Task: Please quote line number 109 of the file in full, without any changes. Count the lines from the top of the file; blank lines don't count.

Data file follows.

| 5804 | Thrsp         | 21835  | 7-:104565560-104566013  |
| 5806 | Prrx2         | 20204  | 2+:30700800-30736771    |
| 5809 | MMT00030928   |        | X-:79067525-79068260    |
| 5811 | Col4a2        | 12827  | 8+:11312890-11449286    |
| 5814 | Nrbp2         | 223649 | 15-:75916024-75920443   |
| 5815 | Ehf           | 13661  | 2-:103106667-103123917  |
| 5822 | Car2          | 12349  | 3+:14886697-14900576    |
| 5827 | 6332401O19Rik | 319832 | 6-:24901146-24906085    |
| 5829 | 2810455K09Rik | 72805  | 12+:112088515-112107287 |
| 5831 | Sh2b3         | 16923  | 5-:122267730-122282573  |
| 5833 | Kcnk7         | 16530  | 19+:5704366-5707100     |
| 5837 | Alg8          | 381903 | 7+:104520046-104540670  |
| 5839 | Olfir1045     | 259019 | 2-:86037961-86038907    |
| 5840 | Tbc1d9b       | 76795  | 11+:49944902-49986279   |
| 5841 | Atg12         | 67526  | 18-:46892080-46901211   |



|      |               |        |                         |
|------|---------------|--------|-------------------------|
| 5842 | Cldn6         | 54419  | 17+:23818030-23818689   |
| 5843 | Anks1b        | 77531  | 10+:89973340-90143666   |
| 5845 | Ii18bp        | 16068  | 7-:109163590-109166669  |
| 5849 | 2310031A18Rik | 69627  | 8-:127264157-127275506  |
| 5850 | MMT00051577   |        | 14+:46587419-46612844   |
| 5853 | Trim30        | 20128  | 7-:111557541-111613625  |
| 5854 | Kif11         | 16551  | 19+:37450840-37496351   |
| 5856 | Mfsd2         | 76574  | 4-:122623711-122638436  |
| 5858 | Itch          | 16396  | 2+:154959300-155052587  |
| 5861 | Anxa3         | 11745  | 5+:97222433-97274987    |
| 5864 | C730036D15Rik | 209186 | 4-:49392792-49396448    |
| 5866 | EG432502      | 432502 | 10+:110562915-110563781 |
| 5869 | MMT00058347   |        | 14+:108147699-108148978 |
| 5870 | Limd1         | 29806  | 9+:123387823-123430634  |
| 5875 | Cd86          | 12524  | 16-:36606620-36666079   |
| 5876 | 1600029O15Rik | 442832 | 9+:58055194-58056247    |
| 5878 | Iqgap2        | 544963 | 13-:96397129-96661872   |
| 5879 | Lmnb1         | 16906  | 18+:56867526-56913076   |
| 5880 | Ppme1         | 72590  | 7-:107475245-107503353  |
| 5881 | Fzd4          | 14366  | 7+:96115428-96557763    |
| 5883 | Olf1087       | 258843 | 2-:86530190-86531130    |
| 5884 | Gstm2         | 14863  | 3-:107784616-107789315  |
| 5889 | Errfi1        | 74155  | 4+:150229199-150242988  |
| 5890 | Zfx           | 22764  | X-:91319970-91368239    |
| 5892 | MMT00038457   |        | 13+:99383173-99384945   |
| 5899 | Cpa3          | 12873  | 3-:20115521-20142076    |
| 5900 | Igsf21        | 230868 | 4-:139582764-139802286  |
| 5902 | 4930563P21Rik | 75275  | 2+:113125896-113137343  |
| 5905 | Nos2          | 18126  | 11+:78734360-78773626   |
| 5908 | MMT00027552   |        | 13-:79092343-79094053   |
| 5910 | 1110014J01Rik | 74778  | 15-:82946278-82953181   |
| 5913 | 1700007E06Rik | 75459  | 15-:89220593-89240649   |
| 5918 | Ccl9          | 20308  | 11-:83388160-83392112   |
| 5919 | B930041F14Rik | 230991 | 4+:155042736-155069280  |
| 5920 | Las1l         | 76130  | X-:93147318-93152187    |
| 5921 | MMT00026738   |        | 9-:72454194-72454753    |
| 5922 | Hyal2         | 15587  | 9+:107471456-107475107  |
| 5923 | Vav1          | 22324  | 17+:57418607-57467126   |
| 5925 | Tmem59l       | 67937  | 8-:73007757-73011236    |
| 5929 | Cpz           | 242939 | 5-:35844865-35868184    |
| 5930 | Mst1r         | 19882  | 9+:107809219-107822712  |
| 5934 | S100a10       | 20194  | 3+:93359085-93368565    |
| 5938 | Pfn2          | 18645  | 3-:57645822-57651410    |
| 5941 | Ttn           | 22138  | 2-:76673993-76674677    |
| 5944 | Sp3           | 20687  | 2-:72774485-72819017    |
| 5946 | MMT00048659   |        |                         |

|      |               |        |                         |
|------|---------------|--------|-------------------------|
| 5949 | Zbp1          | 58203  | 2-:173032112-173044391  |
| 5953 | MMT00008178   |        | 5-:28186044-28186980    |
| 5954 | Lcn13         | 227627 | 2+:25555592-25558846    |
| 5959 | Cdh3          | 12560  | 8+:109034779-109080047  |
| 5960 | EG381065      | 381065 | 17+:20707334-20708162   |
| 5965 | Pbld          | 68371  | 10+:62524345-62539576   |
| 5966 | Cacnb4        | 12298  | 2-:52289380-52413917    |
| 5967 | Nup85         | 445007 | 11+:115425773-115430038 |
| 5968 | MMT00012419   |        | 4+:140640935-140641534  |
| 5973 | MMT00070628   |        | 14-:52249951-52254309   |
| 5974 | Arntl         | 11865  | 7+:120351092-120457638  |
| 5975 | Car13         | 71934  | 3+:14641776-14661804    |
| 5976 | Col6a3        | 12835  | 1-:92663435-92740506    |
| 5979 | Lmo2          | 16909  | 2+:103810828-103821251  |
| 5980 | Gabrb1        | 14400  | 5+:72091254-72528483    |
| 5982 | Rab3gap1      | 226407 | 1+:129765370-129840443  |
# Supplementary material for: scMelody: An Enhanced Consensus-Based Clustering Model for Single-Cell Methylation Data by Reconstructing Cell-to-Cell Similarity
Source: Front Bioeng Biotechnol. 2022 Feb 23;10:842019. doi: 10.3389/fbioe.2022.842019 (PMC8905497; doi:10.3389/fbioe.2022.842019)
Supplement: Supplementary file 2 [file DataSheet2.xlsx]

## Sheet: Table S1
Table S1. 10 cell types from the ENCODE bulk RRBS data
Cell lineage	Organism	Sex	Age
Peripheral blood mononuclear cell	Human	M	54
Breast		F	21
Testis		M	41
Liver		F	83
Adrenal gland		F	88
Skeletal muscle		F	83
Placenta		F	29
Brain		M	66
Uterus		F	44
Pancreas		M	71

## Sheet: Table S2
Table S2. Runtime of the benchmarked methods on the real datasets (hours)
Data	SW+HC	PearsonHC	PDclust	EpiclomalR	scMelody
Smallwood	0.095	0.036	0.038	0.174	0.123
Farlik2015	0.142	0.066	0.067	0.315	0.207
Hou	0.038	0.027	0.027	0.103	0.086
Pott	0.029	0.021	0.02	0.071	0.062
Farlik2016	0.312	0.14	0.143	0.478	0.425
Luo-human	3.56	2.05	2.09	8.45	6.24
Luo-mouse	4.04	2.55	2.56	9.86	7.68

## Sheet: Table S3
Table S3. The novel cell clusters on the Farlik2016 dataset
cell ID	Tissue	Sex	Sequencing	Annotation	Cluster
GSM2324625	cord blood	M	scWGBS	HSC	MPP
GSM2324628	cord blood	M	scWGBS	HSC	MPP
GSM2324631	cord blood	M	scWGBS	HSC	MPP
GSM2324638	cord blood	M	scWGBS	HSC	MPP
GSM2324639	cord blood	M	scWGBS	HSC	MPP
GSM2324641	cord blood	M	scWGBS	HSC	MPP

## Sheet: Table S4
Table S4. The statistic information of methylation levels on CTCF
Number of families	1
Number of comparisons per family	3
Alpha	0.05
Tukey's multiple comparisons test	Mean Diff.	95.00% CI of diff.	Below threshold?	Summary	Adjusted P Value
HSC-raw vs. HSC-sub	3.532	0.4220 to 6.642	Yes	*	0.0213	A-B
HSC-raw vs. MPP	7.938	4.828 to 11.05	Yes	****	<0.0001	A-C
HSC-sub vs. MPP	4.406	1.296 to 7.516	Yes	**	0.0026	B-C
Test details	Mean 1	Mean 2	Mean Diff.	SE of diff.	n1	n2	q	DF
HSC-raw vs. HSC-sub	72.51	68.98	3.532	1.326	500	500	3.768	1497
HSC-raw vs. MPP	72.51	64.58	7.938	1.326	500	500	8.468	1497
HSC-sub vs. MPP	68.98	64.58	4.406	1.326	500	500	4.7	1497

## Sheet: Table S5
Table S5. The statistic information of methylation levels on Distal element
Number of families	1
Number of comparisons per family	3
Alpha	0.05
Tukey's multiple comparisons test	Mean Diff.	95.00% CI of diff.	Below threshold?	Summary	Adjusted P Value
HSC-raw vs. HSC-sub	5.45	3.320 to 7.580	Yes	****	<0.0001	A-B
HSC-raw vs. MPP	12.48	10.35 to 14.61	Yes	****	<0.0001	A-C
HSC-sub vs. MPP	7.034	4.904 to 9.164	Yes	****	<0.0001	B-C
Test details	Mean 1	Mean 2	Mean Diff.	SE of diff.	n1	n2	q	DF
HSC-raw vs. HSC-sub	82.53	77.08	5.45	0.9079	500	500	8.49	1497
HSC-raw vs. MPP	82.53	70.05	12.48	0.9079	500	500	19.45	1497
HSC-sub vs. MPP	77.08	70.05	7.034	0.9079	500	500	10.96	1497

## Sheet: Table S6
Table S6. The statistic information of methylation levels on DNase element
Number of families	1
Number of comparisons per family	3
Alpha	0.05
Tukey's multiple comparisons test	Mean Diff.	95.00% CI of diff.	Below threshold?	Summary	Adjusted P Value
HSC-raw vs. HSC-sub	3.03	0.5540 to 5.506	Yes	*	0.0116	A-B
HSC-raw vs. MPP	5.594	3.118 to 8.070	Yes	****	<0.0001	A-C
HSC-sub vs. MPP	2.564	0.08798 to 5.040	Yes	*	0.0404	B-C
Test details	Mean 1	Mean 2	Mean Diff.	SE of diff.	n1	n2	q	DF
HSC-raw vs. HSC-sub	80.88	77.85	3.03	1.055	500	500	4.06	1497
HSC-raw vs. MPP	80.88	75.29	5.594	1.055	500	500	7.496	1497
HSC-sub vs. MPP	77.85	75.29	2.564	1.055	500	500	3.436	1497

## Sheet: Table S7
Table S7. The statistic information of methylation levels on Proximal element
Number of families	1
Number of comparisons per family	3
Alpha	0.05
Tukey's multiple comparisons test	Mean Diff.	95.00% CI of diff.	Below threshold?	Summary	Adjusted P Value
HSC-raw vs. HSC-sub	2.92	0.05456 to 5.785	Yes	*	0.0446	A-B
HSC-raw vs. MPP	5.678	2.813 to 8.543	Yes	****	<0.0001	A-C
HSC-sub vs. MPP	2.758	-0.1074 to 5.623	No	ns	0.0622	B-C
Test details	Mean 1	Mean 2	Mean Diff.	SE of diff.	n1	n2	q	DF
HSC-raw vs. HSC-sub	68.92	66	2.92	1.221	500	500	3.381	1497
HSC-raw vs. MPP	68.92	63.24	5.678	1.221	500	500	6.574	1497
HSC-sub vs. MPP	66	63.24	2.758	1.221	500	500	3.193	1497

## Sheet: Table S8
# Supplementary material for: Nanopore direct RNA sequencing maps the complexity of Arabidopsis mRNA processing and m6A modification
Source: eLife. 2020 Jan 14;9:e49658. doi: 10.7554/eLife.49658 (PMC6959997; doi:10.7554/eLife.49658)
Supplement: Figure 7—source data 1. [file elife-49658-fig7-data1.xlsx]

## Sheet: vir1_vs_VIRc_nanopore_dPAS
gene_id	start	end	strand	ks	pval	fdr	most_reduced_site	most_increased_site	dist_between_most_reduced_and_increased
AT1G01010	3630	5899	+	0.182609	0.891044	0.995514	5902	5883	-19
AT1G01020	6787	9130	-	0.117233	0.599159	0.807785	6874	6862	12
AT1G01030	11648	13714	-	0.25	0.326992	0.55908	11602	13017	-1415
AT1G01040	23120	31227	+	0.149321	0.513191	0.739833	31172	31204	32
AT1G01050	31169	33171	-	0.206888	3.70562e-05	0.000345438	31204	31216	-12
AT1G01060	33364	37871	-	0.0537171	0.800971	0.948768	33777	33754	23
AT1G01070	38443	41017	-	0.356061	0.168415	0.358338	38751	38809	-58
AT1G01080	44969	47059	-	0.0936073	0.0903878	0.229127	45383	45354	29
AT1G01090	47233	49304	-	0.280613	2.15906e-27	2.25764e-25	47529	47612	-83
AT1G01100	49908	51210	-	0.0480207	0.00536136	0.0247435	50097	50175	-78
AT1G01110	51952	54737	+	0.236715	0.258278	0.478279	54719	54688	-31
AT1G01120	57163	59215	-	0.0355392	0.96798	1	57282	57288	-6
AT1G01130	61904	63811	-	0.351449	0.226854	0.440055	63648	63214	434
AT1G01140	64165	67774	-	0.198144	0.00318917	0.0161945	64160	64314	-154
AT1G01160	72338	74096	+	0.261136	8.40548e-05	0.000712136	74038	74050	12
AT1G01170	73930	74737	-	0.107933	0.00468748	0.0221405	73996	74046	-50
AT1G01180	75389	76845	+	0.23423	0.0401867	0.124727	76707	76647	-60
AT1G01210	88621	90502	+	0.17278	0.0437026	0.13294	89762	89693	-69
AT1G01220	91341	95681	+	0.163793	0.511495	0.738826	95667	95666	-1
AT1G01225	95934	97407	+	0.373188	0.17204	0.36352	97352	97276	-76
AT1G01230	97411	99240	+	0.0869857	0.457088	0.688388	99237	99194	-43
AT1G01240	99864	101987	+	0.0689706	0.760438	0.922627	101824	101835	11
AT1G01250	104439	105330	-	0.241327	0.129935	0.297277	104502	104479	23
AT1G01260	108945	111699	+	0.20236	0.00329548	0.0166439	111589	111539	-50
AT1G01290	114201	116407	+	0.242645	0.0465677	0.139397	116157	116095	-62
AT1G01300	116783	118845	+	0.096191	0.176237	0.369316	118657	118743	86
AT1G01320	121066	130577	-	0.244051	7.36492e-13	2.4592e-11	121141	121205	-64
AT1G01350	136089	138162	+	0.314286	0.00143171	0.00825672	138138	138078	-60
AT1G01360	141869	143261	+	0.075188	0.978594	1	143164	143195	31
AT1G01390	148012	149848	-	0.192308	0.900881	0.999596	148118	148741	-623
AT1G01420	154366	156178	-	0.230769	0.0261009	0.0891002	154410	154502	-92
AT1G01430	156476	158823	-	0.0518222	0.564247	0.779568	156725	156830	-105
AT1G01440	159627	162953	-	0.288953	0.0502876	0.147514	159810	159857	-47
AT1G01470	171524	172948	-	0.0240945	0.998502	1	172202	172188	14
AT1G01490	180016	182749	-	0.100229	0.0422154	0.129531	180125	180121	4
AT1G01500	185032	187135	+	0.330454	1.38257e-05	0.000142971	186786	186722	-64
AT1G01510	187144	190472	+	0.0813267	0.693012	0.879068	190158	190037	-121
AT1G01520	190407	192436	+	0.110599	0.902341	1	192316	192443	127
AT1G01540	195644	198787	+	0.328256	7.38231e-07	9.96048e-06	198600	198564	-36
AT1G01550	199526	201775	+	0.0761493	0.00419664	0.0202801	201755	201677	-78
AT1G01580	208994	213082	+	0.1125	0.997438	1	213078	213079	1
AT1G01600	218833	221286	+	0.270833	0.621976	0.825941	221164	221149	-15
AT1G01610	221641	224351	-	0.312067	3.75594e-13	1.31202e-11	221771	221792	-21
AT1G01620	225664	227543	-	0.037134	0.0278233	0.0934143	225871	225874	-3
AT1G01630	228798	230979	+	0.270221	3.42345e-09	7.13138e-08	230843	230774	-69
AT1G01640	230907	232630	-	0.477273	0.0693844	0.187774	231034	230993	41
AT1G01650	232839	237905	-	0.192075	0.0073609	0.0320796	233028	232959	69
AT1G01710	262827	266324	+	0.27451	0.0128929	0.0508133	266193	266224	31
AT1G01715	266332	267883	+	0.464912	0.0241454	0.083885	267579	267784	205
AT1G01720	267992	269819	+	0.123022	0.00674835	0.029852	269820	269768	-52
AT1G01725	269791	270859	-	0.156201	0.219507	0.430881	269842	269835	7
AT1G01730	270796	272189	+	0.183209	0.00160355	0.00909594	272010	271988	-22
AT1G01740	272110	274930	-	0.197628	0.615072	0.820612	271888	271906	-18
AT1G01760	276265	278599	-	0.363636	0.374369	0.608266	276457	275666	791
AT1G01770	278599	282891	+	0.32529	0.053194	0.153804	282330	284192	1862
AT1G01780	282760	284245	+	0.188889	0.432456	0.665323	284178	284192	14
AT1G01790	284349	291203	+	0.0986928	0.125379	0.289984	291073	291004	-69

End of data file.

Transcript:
Table S3. The novel cell clusters on the Farlik2016 dataset